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Highlands and Island enterprise, Powering Futures & Zero Waste Scotland

A shared understanding of sustainability and a shared passion for enabling change across the industry will benefit all of us as part of the RSE team. We can all use the knowledge gained within our day to day jobs. Especially as the next generation of leaders, this opportunity to work together and improve leadership/cooperation skills will really help in future career endeavours. – Leia Pol, sustainability graduate, Ross-shire Engineering

Highlands and Islands Enterprise and Zero Waste Scotland partnered with Powering Futures to run a challenge programme in the region where young people took on key sustainability challenges set by industry to come up with potential solutions.

 

In the final part of the programme, participants were joined by experts from different industries in the region to discuss how the solutions they had created in relation to those challenges could be taken forward.

Tourism Industry:

One of the challenges was on encouraging sustainable behaviour from tourist visiting the area. The discussion in the session with young people and experts led to these conclusions:

  • Tourists coming to the area often want to do the right thing, the key is in making communications about what that is clear to them.
  • To do this at scale it’s important that all partners align behind a simple set of consistent messages. Tourists coming to the region often stay in different places and explore different areas. If they see the same messages and guidance on behaviours, there is a greater chance that they will be able to adopt more sustainable behaviours.
  • There are a large number of smaller operators involved in the tourism industry in the Highlands. They also want to be able to do the right things, but often don’t have the time or expertise to explore what all of those could mean for their business. They would benefit from dedicated advisors to walk them through the process and help them to implement on a time scale that works for them. The more people that do this the more shared understanding would develop and the approaches would become more commonplace.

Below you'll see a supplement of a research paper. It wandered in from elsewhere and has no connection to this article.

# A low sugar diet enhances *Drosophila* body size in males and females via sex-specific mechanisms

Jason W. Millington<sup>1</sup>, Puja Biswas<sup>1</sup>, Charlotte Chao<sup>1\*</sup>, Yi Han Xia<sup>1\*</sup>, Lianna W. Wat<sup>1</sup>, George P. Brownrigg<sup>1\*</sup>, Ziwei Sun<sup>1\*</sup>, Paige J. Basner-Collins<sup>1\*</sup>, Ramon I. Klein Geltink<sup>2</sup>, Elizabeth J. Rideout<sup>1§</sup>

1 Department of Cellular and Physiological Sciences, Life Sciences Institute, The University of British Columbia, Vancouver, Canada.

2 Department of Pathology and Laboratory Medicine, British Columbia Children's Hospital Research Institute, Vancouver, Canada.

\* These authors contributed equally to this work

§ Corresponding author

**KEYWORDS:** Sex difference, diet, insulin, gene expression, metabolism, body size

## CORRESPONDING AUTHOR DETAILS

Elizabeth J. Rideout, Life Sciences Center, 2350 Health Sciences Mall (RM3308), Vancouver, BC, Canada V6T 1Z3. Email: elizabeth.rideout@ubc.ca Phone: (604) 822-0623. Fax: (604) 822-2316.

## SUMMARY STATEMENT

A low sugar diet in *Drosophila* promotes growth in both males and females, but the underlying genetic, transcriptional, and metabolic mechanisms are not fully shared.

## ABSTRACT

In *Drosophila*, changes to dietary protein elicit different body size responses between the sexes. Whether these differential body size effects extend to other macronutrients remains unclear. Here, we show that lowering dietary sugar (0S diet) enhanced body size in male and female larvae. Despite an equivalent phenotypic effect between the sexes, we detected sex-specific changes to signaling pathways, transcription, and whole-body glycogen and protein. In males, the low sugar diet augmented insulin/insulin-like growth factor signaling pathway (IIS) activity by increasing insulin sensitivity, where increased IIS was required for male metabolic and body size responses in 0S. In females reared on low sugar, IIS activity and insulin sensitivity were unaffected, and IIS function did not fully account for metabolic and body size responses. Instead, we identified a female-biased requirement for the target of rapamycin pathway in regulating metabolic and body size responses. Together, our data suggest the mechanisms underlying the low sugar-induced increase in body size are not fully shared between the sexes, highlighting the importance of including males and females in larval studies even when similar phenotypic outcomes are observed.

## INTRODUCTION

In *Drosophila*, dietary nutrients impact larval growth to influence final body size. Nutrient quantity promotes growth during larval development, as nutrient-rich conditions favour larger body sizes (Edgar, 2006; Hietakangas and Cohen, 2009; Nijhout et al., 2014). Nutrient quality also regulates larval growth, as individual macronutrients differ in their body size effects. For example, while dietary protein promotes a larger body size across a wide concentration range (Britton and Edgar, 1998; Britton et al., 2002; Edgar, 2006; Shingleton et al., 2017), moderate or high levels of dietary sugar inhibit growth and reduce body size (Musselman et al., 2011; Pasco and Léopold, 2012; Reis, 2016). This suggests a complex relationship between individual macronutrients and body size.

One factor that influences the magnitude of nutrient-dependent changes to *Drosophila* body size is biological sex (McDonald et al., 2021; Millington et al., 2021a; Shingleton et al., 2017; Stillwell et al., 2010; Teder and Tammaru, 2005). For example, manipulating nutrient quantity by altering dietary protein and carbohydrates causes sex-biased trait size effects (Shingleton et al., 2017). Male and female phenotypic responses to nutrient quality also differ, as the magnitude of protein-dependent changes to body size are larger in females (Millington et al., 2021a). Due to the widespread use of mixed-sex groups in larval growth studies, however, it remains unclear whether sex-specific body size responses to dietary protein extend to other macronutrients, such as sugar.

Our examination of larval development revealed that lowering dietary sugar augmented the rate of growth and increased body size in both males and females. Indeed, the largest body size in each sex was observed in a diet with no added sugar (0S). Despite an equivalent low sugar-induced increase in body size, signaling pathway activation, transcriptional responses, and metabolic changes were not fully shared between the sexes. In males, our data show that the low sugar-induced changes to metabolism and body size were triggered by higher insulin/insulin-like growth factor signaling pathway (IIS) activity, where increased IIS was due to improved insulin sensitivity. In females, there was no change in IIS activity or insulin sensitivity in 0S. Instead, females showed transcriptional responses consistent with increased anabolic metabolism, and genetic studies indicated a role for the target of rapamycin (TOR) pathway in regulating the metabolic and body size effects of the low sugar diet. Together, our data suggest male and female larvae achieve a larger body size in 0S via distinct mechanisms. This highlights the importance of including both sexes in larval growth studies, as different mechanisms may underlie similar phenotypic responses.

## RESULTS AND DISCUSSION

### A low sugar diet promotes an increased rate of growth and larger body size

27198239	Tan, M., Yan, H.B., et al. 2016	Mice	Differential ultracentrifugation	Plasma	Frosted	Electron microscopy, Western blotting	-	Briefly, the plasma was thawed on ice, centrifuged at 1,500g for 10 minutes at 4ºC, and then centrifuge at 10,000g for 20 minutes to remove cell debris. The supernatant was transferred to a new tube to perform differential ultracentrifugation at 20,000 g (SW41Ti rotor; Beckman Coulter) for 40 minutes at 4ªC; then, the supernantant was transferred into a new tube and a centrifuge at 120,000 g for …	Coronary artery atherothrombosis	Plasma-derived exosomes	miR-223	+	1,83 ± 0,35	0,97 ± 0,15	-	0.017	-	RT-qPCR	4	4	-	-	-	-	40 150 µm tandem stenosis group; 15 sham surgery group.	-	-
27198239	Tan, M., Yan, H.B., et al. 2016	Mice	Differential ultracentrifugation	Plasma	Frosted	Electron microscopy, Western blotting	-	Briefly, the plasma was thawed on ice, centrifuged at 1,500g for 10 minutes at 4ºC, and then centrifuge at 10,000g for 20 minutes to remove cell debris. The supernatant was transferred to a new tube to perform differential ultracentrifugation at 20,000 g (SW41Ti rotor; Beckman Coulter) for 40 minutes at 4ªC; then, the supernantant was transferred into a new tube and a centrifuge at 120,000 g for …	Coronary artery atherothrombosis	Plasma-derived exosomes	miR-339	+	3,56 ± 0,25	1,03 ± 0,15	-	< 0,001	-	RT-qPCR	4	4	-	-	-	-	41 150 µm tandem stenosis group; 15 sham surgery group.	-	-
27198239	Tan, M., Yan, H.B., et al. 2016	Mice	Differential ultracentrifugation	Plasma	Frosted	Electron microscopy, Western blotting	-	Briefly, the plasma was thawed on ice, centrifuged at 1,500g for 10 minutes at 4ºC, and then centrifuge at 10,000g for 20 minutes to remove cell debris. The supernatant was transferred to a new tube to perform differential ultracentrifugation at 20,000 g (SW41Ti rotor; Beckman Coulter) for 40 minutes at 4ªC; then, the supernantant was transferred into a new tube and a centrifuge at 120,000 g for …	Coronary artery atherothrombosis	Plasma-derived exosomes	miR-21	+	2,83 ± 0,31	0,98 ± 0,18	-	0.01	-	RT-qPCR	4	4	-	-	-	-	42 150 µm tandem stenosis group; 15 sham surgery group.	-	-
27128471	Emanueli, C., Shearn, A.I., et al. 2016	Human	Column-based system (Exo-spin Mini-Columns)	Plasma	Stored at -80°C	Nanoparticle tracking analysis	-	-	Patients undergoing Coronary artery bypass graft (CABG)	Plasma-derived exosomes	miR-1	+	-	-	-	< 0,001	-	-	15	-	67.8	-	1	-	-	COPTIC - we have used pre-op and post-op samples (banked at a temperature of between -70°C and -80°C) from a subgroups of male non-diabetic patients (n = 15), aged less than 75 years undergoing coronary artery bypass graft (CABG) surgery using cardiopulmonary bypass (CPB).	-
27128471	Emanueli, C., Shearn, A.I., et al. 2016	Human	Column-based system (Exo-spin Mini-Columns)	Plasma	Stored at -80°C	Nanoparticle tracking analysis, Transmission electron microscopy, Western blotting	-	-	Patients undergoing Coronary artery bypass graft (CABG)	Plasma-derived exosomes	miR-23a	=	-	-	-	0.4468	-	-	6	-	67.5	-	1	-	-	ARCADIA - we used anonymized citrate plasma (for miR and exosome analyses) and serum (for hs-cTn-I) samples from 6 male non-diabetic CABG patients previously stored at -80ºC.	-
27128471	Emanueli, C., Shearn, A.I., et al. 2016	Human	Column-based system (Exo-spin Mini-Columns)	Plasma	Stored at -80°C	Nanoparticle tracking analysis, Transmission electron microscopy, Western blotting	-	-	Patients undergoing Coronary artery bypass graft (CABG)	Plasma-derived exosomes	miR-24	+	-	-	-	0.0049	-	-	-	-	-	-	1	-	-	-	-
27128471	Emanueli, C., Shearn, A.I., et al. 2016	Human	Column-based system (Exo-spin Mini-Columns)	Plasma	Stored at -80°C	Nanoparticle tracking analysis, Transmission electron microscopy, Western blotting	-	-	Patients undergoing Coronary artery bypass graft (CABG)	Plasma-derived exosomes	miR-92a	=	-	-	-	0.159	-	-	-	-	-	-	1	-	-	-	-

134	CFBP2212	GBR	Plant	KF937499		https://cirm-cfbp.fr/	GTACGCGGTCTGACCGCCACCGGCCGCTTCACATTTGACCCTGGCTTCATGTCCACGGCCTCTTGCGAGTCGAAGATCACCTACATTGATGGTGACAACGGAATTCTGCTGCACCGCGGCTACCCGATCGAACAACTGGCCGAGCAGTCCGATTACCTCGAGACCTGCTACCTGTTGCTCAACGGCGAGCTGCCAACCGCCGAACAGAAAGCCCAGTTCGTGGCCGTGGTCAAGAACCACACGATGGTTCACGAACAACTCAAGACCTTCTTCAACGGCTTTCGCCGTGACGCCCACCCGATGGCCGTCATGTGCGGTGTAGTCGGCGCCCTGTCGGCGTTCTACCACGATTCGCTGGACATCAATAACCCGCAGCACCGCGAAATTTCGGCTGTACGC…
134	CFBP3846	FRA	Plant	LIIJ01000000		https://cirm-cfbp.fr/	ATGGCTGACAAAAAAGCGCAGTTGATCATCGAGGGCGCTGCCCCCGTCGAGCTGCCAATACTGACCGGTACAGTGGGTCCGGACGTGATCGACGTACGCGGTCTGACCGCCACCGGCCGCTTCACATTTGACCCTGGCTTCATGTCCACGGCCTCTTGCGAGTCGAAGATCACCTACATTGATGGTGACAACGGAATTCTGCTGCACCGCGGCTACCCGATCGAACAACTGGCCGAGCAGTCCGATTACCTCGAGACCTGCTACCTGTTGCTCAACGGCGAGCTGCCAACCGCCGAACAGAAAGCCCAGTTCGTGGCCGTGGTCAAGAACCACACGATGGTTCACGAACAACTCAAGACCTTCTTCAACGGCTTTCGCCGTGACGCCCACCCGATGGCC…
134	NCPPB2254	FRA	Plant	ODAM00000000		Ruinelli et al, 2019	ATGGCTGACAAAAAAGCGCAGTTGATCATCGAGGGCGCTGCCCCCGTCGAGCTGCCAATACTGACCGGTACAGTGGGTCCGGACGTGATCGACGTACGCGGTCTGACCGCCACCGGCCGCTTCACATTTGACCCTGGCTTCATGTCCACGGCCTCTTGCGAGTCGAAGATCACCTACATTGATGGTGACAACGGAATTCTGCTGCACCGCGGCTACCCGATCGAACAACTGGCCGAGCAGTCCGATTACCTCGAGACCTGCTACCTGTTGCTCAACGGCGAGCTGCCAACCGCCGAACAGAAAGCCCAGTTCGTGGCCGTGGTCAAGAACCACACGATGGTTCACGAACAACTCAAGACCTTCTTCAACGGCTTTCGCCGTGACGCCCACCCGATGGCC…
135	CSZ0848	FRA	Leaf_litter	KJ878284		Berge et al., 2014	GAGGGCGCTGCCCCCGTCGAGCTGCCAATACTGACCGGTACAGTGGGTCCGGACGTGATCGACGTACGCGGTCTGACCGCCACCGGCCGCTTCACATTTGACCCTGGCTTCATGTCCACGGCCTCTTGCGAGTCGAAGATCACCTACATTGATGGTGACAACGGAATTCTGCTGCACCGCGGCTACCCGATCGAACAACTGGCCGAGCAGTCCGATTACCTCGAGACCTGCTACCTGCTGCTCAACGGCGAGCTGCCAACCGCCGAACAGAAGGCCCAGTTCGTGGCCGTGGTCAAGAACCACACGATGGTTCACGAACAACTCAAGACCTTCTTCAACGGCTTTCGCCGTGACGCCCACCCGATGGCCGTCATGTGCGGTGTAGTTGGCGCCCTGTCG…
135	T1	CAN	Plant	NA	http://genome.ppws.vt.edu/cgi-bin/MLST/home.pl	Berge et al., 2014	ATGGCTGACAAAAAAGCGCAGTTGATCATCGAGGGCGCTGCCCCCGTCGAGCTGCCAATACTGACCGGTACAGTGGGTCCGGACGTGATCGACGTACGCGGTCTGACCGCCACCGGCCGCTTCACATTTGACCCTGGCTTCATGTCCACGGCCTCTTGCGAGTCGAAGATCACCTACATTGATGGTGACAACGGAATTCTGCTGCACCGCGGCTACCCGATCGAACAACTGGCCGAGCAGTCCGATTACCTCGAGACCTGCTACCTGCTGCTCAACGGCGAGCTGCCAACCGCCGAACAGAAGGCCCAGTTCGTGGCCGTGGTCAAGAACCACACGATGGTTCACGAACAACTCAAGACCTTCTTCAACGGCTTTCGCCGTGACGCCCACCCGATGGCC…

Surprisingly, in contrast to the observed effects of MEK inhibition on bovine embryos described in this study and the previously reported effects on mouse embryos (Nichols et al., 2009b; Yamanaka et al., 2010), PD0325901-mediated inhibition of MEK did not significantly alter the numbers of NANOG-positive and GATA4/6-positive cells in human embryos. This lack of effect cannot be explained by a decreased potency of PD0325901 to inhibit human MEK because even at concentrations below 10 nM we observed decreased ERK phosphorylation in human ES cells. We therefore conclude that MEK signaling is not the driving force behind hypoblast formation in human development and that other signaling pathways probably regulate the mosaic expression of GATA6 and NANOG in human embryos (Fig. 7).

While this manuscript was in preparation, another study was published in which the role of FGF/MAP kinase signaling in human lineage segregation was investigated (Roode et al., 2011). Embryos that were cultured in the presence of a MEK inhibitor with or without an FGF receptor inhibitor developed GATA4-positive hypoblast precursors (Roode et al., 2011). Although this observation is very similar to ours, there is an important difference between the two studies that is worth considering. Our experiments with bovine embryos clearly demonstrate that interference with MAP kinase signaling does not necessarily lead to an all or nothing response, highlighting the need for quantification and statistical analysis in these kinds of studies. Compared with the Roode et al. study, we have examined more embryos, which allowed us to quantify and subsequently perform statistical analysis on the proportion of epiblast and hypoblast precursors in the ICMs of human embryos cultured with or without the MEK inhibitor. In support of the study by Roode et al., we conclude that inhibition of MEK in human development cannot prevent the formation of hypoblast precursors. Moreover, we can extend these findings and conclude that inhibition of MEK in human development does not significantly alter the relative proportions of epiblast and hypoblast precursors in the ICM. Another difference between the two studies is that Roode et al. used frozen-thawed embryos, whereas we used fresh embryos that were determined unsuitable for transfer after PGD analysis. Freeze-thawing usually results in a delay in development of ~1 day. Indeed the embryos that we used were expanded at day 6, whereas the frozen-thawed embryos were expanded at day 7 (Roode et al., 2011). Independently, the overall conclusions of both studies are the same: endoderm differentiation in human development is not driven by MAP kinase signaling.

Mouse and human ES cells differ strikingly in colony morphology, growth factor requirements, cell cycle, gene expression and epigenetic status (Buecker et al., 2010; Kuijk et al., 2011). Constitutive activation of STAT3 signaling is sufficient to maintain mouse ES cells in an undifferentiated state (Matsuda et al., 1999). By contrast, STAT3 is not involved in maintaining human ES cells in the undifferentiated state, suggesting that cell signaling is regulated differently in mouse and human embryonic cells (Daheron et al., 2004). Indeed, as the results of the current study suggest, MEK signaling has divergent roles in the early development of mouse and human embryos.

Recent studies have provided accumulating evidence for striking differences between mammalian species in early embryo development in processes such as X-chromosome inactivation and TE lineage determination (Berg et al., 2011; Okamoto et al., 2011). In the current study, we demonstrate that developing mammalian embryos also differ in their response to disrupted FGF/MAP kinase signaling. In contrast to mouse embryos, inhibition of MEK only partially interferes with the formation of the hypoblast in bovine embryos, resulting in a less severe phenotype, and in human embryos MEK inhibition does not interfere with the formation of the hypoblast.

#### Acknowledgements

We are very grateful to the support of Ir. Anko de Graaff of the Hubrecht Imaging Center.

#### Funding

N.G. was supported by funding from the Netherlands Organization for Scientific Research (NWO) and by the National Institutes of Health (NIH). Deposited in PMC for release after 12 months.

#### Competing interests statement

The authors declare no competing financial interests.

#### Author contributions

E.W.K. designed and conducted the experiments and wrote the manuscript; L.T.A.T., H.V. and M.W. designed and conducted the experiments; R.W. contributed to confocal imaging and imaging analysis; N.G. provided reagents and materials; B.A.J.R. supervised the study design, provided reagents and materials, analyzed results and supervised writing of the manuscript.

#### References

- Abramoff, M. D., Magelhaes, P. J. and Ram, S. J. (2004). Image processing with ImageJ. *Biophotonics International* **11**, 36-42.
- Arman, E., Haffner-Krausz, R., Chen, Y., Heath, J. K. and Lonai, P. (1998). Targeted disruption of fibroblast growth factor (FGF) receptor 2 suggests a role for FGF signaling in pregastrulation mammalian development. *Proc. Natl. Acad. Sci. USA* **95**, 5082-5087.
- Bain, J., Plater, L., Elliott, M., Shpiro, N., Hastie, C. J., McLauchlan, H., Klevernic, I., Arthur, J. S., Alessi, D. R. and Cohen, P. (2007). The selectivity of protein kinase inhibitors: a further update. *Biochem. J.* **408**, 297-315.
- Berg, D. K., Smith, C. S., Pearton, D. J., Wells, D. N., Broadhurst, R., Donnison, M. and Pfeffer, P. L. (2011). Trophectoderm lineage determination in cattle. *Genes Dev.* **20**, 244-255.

Housing Industry:

Another one of the challenges related to modular housing in the region. There is a housing shortage, and it is very difficult for young people in the region to get on to the housing ladder. The discussion in the session between young people and experts led to these conclusions:

  • For modular housing to be viable and to solve the problem of affordability in the region then it has to operate at scale. Pilot sites can work to prove the concept, but the price points won’t work unless the process itself can become a scaled operation.
  • One of the ways that it could be addressed and create additional benefits in the region is for dedicated manufacturing sites to become operational within the Highlands and Islands. At the sites the different panels and components that would be required could be manufactured and then transported to the relevant sites for building.
  • There are already a large number of experts in the region who are familiar with different building materials, and renewable technology. This local expertise and ability to add value to the economy is an exciting opportunity. What needs to happen is for these different groups to be able to coalesce and work together in a way that is mutually beneficial.

Additional Takeaway:

Sometimes there is a message that it is on young people to address the sustainability challenges we face going forward. This is an unfair and unreasonable ask of them. We have to all work together. However, what is very interesting in all of this is that young people provided the impetus and spark for these discussions to start and for actions to be identified. Perhaps there is a way to use their energy and the expertise of those more experienced in the different fields to create these solutions that will have a lasting impact.

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